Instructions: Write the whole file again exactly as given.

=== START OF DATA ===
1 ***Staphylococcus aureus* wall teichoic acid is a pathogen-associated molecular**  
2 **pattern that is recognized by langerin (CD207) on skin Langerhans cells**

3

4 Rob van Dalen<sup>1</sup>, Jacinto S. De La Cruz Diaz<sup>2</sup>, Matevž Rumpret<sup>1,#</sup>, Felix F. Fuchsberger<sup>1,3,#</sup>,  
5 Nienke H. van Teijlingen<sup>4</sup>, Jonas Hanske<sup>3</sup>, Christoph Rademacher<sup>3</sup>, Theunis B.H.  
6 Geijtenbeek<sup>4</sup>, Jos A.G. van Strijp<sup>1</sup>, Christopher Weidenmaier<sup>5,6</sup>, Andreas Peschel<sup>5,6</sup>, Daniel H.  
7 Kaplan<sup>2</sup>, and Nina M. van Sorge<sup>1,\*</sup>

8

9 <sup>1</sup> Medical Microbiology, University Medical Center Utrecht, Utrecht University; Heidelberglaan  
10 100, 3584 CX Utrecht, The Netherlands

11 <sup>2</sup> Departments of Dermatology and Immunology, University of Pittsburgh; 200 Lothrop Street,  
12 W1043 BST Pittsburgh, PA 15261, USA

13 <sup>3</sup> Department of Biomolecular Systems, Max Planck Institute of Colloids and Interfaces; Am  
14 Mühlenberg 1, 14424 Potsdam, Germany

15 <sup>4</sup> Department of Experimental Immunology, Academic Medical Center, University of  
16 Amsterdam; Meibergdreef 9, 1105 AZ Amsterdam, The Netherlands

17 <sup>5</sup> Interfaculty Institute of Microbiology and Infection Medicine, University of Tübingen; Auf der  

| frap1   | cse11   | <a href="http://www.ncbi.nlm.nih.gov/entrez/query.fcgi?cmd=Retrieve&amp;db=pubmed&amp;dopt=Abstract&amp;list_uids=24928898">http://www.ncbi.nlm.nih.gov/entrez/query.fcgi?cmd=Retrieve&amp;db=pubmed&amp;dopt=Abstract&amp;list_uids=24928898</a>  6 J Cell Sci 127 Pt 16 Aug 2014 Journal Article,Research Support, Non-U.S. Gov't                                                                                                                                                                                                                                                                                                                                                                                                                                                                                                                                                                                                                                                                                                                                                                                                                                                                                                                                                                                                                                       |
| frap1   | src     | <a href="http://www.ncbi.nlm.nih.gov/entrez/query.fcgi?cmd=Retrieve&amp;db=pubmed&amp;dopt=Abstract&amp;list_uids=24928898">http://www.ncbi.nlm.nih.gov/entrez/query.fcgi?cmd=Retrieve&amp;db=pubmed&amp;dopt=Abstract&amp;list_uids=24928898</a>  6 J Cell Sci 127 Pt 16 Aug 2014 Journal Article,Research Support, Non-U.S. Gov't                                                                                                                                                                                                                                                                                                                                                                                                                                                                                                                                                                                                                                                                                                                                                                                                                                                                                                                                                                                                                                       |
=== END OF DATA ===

1 ***Staphylococcus aureus* wall teichoic acid is a pathogen-associated molecular**  
2 **pattern that is recognized by langerin (CD207) on skin Langerhans cells**

3

4 Rob van Dalen<sup>1</sup>, Jacinto S. De La Cruz Diaz<sup>2</sup>, Matevž Rumpret<sup>1,#</sup>, Felix F. Fuchsberger<sup>1,3,#</sup>,  
5 Nienke H. van Teijlingen<sup>4</sup>, Jonas Hanske<sup>3</sup>, Christoph Rademacher<sup>3</sup>, Theunis B.H.  
6 Geijtenbeek<sup>4</sup>, Jos A.G. van Strijp<sup>1</sup>, Christopher Weidenmaier<sup>5,6</sup>, Andreas Peschel<sup>5,6</sup>, Daniel H.  
7 Kaplan<sup>2</sup>, and Nina M. van Sorge<sup>1,\*</sup>

8

9 <sup>1</sup> Medical Microbiology, University Medical Center Utrecht, Utrecht University; Heidelberglaan  
10 100, 3584 CX Utrecht, The Netherlands

11 <sup>2</sup> Departments of Dermatology and Immunology, University of Pittsburgh; 200 Lothrop Street,  
12 W1043 BST Pittsburgh, PA 15261, USA

13 <sup>3</sup> Department of Biomolecular Systems, Max Planck Institute of Colloids and Interfaces; Am  
14 Mühlenberg 1, 14424 Potsdam, Germany

15 <sup>4</sup> Department of Experimental Immunology, Academic Medical Center, University of  
16 Amsterdam; Meibergdreef 9, 1105 AZ Amsterdam, The Netherlands

17 <sup>5</sup> Interfaculty Institute of Microbiology and Infection Medicine, University of Tübingen; Auf der  

| frap1   | cse11   | <a href="http://www.ncbi.nlm.nih.gov/entrez/query.fcgi?cmd=Retrieve&amp;db=pubmed&amp;dopt=Abstract&amp;list_uids=24928898">http://www.ncbi.nlm.nih.gov/entrez/query.fcgi?cmd=Retrieve&amp;db=pubmed&amp;dopt=Abstract&amp;list_uids=24928898</a>  6 J Cell Sci 127 Pt 16 Aug 2014 Journal Article,Research Support, Non-U.S. Gov't                                                                                                                                                                                                                                                                                                                                                                                                                                                                                                                                                                                                                                                                                                                                                                                                                                                                                                                                                                                                                                       |
| frap1   | src     | <a href="http://www.ncbi.nlm.nih.gov/entrez/query.fcgi?cmd=Retrieve&amp;db=pubmed&amp;dopt=Abstract&amp;list_uids=24928898">http://www.ncbi.nlm.nih.gov/entrez/query.fcgi?cmd=Retrieve&amp;db=pubmed&amp;dopt=Abstract&amp;list_uids=24928898</a>  6 J Cell Sci 127 Pt 16 Aug 2014 Journal Article,Research Support, Non-U.S. Gov't                                                                                                                                                                                                                                                                                                                                                                                                                                                                                                                                                                                                                                                                                                                                                                                                                                                                                                                                                                                                                                       |